Gardening Your Team

Management skills via container gardens

I really want a yard but we live in the Bay Area, which makes space really expensive. For now my family shares a tiny yard with our downstairs neighbors and because I was too shy to ask, I spent our first 4 summers here without any sort of garden.

This spring I asked the ladies downstairs if we could put a few potted plants out, to which they said “duh, totally, we don’t care at all.”

Takeaway #1 from this post: ASK. Most of the time, the thing you’ve been dreaming about will not bother anyone else in the least.

So this is how I ended up with a sweet little container garden. We only planted the things I knew we would eat: tomatoes, cucumbers, strawberries, basil and a few other herbs. Between calls I would go check on things… and maybe it’s because I coach growing adults all day, but our garden became an ongoing visual metaphor for everything happening on my clients’ teams.

Here’s what I learned about humans, growth and groups from our container garden this year:

1. Plants need different degrees of sunlight for varying hours of the day. Off the bat, I did not choose vegetables that required a different type of yard. We have full sun for a good stretch of the day and shade after that. I checked with the gardeners at the local nursery to make sure I wasn’t trying to grow things unsuccessfully from the start.
Are you hiring junior resources and expecting them to do senior-level work? Are you promoting folks into leadership roles and then giving them so much work in the weeds that they have no time to manage? Know what kind of environment you’re offering… and then hire accordingly.

2. Half our plants needed water daily; half our plants were drowned by daily watering. How annoying, right? It would have been so much easier if we could have an all-or-nothing approach but the more I got to know the plants, the more nuance I noticed.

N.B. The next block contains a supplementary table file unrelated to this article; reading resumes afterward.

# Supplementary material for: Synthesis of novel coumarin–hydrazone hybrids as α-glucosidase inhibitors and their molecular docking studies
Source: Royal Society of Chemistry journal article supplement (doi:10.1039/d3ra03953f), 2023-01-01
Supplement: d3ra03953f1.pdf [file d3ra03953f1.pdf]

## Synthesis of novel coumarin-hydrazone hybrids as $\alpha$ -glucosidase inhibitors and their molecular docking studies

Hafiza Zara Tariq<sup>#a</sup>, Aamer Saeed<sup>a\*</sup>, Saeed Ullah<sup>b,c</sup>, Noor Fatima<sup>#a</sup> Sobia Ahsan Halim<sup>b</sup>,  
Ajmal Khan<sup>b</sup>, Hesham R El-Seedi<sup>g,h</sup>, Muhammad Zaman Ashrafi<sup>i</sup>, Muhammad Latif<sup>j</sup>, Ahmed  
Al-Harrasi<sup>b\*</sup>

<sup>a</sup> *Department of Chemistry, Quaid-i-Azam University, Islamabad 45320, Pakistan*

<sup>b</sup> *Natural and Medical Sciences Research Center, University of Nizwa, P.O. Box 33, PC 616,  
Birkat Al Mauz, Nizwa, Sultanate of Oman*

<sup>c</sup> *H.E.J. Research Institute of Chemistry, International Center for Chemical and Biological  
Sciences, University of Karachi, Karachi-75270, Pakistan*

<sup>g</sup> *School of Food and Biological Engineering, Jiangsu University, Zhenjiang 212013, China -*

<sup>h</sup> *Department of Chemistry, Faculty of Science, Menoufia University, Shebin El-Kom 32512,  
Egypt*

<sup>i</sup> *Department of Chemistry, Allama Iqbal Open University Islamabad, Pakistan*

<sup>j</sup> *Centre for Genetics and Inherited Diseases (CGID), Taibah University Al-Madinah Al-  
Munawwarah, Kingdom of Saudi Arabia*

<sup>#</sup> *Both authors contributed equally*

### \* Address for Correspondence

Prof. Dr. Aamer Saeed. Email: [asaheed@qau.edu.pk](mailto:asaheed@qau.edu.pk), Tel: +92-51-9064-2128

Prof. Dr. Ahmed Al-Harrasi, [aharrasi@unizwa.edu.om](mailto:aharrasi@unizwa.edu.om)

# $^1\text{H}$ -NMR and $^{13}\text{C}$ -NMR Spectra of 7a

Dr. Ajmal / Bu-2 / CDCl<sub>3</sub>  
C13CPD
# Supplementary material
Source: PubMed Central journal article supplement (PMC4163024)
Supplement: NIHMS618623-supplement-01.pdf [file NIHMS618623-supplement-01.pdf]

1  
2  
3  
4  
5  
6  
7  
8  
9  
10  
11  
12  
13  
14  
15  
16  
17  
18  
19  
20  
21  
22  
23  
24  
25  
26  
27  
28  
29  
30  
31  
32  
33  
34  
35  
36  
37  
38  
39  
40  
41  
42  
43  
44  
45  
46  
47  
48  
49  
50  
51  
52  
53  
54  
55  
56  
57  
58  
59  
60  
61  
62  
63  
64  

As leaders, we want a one-stop solution to managing people. But people, like plants, thrive under different conditions. The cadence of 1:1 meetings with your reports does not have to be the same for each person. Have someone who prefers monthly conversations? Book it. Have another person who shines with more regular check-ins, perhaps weekly? Book them. There is no law that says your rhythms have to be the same across the board.

(*Note: For 1:1s, I wouldn’t go less frequent than monthly. Too much changes in a month.)

3. Cucumbers need stability. The cucumbers were moody as hell. First they were growing left. Then the swerved right. On the DAILY, they were changing which direction they were headed… and finally I realized they were looking for a path. I tied the vines to the fence and let them spread out, relieved to have found backbone for their direction.

You will have some very self-motivated folks on your team. But you will also have people who are looking for direction. When that’s the case, connect them to a path. Secure them for a period of time to a mission, a project, a goal. Even the most motivated of people are lost sometimes.

4. Tomatoes shape each other. Sometimes a few tomatoes start growing in a little pocket. Their little flowers are close together and it’s so charming… but as they get larger and take up more space, their growth paths run them into each other. Tomatoes don’t care and I don’t either… they taste the same, but it affects their shape. When they grow too close to another, they end up with flattened sides, squashed tops or funky bodies.

Team dynamics work this way, too. When we have folks who are growing too closely, they will push each other to make room for their own growth. Sometimes this is fine and you end up with uniquely-shaped team members who are healthy and thriving! But sometimes the squashing results in rot… and in these cases, it is best to prune one or two off the vine for the greater good.

5. Strawberries are overachievers. I read that you should only let a strawberry plant have 3 daughter plants. (Strawberries are these crazy little plants that send shoots out to start new ones All. The. Time.) It hurt to imagine cutting the shoots they were churning out! But then I realized they were not producing any fruit because they were spending all their energy on new plants.

BEWARE! If one of your employees loves starting projects, they might be a total strawberry. Make sure they focusing their energies to go deep on a few efforts rather than making shallow work happen everywhere.